Class Notes on Painting From Photos

Students have asked that I take some class sessions in the New Year to specifically focus on learning to paint from photos. We normally paint from life in class, of course, after last session (see Painting in the Abstract Universe) "normal" is relative.
For the most part tho', in class, we paint from life because I believe that offers the best learning experience, however, knowing how to work with photo reference effectively is essential for any painter.
Some simple guidelines -
1. First and most important - We are NOT copying a photo; it is only reference. Knowing this will change how you look at your photos, how you take them and how you use them.
Look for photos that have 'good bones'; forget subject matter and focus on strong shapes and value patterns. If you squint your eyes and look at your photo, see how details are lost as patterns of dark and light appear. It can be helpful to turn the photo upside down and crop it in order to better see the light and dark patterns. Which brings me to the next guideline...
2. Don't be distracted by subject matter. Subject matter may have turned you on to this particular photo but interesting and beautiful shapes make it work. Shapes do not have to be "something" to work in a composition or to communicate to the viewer. Unclear, non-representational and unexplainable shapes are more expressive and spontaneous, and always more interesting.
Think 'SHAPES', not 'THINGS'.
3. It's good to have a plan- (See past Class Notes: 'Composition' and 'The Big Idea'). Whether working from life or from a photo, the artist's job is to select and arrange major shapes, values and colors to lead the viewer's eye around the painting in a pleasing way; that's composition in a nutshell. Having a few simple compositional ideas in mind beforehand and you will be able to view what is presented and turn the elements into a painting that works. Sometimes this involves changing or moving things for the sake of a composition. Just because nature put it there doesn't mean you have to.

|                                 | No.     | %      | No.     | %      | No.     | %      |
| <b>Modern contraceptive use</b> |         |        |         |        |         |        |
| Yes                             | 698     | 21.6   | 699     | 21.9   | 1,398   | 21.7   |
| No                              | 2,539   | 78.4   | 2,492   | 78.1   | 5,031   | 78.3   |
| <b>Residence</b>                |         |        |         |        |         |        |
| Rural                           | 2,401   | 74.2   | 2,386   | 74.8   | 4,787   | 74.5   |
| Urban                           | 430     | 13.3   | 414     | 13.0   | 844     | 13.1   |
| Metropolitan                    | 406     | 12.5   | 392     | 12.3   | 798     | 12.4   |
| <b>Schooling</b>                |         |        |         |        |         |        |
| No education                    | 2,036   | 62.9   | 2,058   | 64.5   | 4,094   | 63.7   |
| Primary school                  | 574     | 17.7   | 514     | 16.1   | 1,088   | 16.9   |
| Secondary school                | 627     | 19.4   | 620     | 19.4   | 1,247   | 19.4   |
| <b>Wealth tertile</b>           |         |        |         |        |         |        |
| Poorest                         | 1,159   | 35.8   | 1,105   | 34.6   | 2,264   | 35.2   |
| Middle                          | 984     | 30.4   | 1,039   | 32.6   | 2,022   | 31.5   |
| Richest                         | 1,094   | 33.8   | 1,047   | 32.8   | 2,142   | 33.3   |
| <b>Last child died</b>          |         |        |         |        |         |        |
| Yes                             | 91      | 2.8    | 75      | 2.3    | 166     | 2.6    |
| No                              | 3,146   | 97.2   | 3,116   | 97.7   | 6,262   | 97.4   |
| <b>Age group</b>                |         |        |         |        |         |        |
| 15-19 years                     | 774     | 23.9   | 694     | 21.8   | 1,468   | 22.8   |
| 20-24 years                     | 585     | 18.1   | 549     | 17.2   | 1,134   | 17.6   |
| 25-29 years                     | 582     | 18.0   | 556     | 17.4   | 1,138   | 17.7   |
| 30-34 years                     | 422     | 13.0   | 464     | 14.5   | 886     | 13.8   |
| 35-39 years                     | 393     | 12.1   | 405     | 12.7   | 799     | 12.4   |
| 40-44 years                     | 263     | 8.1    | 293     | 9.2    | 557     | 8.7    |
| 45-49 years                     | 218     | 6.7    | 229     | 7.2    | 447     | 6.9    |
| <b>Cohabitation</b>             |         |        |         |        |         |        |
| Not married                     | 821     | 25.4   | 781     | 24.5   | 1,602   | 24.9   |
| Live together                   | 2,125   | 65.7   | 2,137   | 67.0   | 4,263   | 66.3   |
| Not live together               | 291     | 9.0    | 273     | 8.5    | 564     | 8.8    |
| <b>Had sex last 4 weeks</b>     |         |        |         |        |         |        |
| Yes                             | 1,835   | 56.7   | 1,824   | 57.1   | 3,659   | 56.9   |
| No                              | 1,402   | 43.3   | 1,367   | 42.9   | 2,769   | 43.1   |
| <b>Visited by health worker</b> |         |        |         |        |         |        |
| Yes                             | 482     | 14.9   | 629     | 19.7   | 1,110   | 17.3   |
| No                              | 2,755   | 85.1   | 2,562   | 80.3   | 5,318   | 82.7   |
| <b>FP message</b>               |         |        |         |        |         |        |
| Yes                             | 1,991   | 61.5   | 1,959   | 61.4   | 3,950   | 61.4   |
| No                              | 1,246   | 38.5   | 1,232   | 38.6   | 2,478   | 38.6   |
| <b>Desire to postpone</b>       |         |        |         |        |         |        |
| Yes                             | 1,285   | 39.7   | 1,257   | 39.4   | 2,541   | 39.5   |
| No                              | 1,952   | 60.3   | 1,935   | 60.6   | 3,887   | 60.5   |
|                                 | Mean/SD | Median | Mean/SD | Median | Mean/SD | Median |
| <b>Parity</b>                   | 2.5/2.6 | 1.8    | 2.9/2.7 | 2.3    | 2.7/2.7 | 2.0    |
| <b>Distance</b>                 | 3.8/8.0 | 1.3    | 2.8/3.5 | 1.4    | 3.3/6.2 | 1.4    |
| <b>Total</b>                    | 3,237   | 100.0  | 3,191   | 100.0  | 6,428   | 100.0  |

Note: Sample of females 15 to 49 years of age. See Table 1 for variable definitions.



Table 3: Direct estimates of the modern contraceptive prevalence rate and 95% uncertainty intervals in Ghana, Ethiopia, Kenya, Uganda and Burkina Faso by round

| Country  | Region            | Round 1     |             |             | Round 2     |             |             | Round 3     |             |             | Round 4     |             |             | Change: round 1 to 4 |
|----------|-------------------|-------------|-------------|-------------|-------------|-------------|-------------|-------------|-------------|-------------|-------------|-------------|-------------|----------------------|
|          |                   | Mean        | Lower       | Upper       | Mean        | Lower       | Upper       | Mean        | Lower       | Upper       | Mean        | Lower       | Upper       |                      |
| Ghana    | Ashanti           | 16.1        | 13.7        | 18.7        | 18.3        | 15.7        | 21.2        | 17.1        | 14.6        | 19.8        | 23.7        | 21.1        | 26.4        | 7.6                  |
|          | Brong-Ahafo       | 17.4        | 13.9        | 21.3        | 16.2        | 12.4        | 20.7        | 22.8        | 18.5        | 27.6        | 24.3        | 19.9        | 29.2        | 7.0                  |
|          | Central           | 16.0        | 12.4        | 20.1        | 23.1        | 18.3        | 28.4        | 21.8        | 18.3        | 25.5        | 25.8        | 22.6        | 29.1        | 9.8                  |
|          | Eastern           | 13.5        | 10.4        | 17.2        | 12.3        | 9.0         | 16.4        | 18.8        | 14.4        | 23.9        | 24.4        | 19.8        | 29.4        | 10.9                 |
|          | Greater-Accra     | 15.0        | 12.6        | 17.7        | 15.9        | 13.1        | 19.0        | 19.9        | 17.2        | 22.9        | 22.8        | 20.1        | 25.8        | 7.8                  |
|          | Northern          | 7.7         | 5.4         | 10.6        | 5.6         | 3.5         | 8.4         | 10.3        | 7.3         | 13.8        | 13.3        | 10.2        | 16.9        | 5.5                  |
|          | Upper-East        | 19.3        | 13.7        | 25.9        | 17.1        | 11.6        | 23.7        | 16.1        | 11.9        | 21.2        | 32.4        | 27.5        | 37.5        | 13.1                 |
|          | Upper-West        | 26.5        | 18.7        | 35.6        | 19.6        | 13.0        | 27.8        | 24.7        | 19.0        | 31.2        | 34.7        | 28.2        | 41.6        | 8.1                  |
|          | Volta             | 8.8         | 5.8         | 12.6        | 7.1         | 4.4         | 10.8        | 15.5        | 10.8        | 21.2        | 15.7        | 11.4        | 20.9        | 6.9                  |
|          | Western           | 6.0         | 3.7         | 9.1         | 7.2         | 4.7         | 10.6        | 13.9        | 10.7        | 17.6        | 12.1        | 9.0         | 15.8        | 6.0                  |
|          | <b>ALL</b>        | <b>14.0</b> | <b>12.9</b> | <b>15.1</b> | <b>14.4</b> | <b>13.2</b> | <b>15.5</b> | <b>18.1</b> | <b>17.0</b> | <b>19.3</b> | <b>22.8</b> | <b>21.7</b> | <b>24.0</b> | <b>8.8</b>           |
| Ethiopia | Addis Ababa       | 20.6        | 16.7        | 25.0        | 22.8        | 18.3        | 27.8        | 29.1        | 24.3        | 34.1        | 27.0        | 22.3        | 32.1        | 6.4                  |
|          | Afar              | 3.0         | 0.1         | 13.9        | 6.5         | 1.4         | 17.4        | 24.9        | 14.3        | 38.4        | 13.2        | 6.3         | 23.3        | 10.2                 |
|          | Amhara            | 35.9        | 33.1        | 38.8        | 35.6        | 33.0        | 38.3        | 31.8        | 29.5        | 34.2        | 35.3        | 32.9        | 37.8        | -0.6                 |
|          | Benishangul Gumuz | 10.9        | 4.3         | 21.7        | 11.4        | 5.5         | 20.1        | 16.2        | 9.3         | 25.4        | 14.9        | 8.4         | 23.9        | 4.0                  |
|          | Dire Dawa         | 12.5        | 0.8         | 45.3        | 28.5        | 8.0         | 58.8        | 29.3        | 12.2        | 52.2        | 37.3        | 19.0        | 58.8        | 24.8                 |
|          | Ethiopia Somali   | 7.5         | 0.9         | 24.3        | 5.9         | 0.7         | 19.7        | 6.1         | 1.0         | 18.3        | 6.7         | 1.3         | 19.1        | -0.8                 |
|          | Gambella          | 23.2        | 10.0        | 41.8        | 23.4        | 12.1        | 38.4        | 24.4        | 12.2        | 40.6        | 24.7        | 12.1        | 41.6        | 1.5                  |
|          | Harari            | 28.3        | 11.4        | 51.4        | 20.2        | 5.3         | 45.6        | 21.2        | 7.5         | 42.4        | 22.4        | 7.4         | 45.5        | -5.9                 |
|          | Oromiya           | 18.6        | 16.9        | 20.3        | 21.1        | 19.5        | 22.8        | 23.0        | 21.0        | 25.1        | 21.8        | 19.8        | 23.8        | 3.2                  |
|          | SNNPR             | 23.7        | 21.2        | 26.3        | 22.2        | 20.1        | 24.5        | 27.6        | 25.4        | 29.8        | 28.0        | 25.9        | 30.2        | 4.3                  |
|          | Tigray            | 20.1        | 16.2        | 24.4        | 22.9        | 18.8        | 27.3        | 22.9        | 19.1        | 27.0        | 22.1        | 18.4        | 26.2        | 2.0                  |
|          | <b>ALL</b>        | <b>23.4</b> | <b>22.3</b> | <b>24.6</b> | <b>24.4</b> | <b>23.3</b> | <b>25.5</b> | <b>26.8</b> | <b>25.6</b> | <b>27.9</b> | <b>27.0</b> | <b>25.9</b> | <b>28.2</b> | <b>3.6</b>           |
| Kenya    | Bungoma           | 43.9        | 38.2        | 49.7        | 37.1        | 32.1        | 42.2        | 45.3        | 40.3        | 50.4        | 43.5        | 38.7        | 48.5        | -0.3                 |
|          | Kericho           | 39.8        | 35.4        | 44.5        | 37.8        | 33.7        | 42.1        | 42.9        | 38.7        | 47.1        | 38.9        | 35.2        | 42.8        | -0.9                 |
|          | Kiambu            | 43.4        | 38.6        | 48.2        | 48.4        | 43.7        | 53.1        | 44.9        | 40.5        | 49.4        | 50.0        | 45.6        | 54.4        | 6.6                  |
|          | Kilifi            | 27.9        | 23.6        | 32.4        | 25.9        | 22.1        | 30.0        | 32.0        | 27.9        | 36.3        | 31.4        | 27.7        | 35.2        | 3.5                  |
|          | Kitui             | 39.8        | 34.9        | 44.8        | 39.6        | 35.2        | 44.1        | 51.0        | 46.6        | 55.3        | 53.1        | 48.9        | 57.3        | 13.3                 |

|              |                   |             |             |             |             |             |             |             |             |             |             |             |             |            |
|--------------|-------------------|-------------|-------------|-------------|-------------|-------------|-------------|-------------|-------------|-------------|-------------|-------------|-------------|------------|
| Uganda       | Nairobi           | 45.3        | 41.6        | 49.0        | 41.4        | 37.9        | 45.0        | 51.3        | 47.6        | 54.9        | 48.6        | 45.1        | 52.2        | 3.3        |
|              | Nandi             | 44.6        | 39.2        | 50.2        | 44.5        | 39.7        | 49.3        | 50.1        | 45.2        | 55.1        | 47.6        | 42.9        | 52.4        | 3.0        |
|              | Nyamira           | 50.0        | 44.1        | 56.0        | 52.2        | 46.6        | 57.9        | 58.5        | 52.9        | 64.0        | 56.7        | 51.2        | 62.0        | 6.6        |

Is that mountain going the wrong direction or are there too many trees? - change them. Get rid of what isn't working; only use what does.
4. Save details for the center-of-attention; too much detail and the painting becomes boring. This would be the case for any type of painting but working with photos often is an invitation to noodle. Don't do it.
One good thing about using a photo-reference is that you can use it again and again, make many studies and take some risks; see below.


Anonymous said...

Coni, seeing that ordinary photo morph into three exceptional paintings reminds me that the potential for interpretive expression is just EVERYWHERE...maybe even hiding in the bottom of a desk drawer. Thanks!

Chuck Sale said...

Coni, fascinating. I love your work, and the notes you provide here are extremely valuable. Your painting hangs where it delights us again and again throughout our days.

Thank you for all that you do.

Chuck Sale

AngelCatPainter said...

Seeing the 3 different paintings that were informed by one photo is quite inspiring!!! I am excited about this series of classes we're embarking on to work with photos in many different ways!